shooting permission boundaries

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8x57

Distinguished Member
I don't think you are right in referring to this case in this instance.

The Case of Swans (1592) does indeed establish that the animals in question (swans) were wild and therefore not the absolute property of anyone - and as a result their ownership could not be transferred to another person. But this is not the point here - which relates to the qualified ownership that a land owner can assert over wild animals on his/her property.

There is definitely an interesting tension here. Think, for instance, of a rabbit warrener - who is in effect "farming" through enclosure "wild" animals. Or indeed of a bee keeper.

As I understand it current UK law will uphold the qualified ownership of these wild animals.
You'd better tell Charlie Parkes and John Thornley that then as I've directly quoted them and this was their footnote.
 

Jason Page

Well-Known Member
It looks as though the distinction between absolute and qualified ownership may be a bit too subtle for some. However, this (quoted from one of Deer Initiative's legal guides) is helpful:

Ownership of deer: Deer which can roam freely are wild animals and are not owned by, or the responsibility of, anyone. A wild deer becomes the property of the landowner when “reduced into possession” i.e. killed or captured, thus a culled deer is the property of the owner of the land on which it dies, a deer killed in a road accident is the property of the owner of the highway, verge or land on which it falls. The status of enclosed deer such as park deer is not so clear, they are generally regarded as “wild” with respect to shooting seasons but in some cases may be regarded as property. There is no clear definition of farmed deer but deer which carry tags which include the agricultural holding number or which are listed as part of a farm enterprise are regarded as domestic livestock and therefore as property.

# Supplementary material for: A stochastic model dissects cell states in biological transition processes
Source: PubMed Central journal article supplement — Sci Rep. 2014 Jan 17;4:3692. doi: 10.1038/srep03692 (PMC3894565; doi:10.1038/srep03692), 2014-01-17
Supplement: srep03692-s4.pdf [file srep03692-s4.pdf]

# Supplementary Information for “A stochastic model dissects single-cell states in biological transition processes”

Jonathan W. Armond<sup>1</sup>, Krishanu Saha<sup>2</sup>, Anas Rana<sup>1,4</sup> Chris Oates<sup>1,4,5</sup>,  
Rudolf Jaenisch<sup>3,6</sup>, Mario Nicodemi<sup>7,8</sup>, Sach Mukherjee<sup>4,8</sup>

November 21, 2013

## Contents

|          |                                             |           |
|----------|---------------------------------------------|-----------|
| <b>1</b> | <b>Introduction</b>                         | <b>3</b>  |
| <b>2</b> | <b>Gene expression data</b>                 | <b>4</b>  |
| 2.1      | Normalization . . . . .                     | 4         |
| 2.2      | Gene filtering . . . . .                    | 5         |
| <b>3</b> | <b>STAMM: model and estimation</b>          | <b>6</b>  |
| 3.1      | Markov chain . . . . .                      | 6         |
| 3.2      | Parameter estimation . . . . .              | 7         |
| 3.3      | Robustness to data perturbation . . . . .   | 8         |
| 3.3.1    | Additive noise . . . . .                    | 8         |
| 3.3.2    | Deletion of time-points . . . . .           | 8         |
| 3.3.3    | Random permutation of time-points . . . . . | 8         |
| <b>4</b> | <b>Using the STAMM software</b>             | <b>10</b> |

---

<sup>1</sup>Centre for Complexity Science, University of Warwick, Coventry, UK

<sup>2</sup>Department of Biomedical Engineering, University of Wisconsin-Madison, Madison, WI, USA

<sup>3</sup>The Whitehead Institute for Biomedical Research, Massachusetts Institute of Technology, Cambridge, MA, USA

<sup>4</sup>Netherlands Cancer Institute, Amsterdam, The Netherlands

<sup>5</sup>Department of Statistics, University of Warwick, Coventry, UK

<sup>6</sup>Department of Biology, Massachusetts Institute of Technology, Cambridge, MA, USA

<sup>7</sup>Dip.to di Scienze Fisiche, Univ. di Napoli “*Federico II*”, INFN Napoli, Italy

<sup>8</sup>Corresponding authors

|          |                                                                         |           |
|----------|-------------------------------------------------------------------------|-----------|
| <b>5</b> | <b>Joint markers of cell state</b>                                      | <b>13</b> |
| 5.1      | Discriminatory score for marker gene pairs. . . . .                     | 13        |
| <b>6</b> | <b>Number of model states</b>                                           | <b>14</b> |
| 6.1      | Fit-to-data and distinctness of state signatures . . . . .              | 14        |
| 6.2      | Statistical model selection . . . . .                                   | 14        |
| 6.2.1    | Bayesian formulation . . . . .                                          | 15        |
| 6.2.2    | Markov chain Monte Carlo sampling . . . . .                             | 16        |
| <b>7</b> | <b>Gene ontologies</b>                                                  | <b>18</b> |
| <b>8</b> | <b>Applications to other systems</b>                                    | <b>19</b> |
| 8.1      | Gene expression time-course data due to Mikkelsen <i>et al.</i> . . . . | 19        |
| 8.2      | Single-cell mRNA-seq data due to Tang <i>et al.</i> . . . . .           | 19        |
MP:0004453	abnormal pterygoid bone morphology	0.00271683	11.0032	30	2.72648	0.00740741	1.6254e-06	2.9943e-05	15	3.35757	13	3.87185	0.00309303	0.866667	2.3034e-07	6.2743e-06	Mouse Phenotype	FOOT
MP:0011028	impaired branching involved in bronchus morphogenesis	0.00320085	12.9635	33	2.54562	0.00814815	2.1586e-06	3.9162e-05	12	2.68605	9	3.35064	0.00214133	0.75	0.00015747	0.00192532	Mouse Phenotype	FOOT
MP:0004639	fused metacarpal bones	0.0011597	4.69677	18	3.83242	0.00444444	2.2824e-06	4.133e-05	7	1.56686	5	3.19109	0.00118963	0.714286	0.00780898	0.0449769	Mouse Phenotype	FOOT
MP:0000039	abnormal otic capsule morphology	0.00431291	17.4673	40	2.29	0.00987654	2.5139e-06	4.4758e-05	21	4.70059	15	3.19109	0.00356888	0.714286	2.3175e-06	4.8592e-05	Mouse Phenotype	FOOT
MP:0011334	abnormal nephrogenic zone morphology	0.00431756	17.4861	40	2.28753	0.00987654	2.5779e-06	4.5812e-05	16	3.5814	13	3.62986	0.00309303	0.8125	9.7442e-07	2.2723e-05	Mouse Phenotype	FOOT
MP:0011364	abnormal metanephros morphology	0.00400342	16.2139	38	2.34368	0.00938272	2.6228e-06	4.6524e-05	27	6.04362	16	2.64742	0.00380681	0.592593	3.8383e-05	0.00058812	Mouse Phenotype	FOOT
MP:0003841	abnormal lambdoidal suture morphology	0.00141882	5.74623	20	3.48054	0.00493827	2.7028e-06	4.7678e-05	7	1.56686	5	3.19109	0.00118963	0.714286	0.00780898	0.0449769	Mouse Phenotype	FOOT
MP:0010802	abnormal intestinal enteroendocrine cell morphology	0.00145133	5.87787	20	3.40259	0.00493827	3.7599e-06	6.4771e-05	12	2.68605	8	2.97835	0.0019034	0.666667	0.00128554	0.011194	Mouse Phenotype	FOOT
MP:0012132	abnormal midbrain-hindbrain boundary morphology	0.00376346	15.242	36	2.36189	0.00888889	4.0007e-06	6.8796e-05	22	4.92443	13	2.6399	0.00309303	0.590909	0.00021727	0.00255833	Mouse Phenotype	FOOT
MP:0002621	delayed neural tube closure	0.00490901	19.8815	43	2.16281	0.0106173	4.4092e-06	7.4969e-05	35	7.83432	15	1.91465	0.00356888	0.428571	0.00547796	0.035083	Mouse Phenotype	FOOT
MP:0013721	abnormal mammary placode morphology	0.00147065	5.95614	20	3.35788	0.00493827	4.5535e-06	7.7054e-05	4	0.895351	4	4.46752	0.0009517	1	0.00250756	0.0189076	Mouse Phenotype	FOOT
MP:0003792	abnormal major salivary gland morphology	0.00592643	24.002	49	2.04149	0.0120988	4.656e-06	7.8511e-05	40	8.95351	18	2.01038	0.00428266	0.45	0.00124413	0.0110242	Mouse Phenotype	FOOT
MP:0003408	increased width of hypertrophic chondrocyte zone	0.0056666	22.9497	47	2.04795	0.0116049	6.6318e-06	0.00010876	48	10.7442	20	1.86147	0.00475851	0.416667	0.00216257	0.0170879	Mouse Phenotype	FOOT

A wild deer does NOT have to be dead to be reduced into possession - that is to say absolute ownership.

It would certainly be easier if everything could be expressed in very simple terms. But the concepts of "ownership" and "wild" are more complicated that this. I am surprised that anyone thinks I am stupid for pointing this out or expressing an opinion on which someone else takes a different view - particularly as we appear to agree on most points.
 
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NoIDeer

Well-Known Member
There is definitely an interesting tension here. Think, for instance, of a rabbit warrener - who is in effect "farming" through enclosure "wild" animals. Or indeed of a bee keeper.

As I understand it bees are "feral by nature" (latin version above) and therefore you can't be prosecuted for their behaviour. You don't own then, you keep them.
 

Heym SR20

Well-Known Member
It really amazes me that all these basic questions on law and what you and are not allowed to do are constantly being asked. In the past (ie 30 odd years ago) the BASC and others published book with the basic information in them, which very clearly out lined quarry species and what you can and cannot do. This should be basic knowledge for anybody who is involved in Field Sports, and certainly should be in the knowledge base of those who shoot, or hold shotgun and firearms licences.

2 key points.